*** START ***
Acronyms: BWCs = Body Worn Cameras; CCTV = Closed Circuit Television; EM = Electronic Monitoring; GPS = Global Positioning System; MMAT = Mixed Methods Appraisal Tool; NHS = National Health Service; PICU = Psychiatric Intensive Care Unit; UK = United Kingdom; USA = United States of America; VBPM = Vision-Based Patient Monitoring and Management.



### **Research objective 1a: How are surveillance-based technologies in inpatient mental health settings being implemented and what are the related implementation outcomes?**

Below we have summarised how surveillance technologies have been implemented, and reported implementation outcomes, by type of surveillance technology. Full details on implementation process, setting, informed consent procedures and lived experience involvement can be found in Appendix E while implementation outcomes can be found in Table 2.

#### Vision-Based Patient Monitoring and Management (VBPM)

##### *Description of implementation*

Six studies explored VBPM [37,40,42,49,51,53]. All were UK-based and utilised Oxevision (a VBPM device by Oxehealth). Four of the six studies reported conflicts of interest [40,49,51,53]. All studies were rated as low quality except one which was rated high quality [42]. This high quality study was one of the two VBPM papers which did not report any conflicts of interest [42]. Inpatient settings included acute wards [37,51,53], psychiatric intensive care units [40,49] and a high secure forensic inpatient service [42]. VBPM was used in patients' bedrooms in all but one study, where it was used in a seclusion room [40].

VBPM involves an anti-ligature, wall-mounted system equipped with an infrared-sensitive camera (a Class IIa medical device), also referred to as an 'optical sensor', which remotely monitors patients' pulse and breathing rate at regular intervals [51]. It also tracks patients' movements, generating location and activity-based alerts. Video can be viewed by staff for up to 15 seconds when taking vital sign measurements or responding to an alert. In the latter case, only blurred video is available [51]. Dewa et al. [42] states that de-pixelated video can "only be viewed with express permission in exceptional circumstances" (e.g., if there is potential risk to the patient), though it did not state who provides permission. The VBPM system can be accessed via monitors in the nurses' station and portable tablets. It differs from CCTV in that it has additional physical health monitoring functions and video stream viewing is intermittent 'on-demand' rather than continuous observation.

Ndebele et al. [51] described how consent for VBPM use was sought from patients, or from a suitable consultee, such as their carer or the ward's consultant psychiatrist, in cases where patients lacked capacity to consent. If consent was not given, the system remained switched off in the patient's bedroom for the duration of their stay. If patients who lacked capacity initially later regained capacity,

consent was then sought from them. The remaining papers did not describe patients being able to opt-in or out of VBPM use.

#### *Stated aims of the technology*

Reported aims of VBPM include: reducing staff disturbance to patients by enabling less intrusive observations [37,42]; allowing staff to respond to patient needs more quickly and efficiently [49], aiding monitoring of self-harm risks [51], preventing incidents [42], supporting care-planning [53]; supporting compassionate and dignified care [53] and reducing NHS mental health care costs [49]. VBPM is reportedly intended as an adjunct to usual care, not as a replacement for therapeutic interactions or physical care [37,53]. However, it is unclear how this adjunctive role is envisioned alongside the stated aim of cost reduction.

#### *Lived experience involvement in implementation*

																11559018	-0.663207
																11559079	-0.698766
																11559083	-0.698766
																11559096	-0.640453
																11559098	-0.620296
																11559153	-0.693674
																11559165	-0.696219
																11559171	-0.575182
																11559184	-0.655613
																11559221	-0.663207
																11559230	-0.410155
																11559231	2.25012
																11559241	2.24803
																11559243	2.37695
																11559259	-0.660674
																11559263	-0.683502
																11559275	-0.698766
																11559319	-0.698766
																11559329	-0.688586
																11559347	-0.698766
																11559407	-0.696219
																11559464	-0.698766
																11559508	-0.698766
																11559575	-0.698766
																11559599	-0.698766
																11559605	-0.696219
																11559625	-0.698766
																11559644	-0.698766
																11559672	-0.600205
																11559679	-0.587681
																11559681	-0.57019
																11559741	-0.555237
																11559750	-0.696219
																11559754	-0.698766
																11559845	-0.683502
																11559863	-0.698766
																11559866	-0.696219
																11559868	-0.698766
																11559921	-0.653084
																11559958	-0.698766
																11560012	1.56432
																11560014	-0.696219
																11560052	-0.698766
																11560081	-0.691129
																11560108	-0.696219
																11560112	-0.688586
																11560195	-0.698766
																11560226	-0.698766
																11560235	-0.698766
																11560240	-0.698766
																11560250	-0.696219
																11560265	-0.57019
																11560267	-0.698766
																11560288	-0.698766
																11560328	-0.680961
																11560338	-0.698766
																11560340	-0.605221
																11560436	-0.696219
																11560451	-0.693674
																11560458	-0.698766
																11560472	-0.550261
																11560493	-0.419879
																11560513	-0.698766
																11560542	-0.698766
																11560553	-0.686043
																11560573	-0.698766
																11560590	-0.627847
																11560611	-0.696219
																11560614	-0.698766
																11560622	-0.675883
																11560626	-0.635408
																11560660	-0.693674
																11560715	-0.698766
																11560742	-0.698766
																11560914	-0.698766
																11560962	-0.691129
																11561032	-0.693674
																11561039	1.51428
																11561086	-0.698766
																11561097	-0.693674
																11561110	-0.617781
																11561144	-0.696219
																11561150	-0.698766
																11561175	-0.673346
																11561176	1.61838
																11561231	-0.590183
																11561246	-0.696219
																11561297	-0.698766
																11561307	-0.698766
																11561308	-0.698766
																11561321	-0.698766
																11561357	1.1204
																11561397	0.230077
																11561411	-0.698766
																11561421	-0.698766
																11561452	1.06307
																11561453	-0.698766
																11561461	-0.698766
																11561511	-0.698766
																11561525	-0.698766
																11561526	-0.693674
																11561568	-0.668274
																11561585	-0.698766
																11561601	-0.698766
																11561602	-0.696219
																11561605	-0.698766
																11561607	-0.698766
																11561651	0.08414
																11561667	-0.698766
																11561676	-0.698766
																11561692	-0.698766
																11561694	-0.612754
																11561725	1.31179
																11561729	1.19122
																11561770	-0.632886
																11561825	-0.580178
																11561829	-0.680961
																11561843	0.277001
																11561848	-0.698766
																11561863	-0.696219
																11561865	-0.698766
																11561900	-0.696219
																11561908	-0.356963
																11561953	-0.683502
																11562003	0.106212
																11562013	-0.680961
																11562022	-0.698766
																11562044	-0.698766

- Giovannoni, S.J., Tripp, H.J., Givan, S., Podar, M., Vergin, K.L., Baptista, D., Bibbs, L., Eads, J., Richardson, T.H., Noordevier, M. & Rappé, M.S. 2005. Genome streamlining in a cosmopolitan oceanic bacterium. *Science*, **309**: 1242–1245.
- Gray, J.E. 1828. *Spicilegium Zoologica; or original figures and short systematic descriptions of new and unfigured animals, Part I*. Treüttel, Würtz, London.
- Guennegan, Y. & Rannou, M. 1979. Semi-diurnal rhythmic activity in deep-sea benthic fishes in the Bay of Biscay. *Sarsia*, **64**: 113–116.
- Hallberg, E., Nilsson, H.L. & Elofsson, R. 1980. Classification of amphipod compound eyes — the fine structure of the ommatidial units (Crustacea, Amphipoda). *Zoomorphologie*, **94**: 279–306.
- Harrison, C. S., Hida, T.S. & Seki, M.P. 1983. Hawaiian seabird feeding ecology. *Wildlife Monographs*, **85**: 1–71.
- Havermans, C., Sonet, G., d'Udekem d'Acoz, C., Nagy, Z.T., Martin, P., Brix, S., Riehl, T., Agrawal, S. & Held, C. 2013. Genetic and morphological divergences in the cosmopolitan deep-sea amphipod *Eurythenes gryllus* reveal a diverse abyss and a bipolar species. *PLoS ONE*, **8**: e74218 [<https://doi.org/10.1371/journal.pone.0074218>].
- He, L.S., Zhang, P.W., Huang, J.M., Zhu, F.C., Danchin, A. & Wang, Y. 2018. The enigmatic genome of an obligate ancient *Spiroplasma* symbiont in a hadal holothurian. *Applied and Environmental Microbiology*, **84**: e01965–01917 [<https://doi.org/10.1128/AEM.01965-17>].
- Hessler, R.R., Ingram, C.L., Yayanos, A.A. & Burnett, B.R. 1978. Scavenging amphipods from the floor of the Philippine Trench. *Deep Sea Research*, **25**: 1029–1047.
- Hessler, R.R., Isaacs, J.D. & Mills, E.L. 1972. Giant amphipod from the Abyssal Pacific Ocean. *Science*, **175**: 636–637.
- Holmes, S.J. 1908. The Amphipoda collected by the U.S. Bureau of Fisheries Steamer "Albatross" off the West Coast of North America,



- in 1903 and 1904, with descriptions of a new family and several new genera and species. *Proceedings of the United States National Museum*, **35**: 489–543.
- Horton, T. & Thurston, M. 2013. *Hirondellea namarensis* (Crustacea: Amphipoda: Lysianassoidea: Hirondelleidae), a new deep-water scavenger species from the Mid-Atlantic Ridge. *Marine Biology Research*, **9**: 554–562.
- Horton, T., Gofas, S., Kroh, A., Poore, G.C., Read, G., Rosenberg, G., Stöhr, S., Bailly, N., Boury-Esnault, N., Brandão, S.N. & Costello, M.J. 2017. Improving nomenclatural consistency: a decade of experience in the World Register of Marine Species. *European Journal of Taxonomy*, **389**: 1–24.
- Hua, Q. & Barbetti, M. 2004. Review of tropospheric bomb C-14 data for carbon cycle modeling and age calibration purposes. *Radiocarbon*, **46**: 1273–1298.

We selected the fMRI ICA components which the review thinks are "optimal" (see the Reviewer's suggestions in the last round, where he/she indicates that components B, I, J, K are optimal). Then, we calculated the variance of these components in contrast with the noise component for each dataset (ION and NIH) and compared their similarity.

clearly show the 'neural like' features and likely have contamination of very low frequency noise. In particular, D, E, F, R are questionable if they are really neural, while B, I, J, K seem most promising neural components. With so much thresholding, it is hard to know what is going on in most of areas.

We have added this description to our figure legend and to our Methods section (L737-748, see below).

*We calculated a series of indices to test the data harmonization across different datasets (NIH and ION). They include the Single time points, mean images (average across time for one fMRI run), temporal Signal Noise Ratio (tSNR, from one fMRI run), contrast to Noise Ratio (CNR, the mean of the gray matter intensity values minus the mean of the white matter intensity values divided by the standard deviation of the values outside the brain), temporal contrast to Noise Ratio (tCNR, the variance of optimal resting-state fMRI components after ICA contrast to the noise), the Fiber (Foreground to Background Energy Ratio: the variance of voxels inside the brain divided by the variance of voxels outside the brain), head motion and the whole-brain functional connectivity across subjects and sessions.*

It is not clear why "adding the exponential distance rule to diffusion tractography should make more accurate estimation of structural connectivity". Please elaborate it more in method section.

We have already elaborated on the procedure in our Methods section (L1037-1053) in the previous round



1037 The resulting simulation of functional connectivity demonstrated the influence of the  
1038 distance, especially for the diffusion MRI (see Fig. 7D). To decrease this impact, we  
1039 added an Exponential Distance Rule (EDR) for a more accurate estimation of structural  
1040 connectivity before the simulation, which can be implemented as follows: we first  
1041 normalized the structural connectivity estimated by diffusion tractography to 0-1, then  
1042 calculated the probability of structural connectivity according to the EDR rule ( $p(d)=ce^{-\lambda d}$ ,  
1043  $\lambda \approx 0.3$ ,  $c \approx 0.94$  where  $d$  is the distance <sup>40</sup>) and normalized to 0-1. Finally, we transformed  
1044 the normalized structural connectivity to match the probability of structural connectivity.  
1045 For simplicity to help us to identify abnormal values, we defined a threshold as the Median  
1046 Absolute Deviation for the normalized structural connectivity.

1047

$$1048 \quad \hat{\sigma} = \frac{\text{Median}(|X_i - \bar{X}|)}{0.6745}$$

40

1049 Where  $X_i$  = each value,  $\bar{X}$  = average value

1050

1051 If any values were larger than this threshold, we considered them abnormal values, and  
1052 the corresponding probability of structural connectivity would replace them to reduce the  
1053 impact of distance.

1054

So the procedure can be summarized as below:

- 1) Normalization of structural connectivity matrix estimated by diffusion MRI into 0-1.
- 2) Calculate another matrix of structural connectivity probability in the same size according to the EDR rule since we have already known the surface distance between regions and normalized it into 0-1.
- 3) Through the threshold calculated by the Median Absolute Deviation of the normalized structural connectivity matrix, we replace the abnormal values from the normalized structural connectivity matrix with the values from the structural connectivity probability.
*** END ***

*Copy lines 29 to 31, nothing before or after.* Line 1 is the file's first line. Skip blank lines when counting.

																11559275	-0.698766
																11559319	-0.698766
																11559329	-0.688586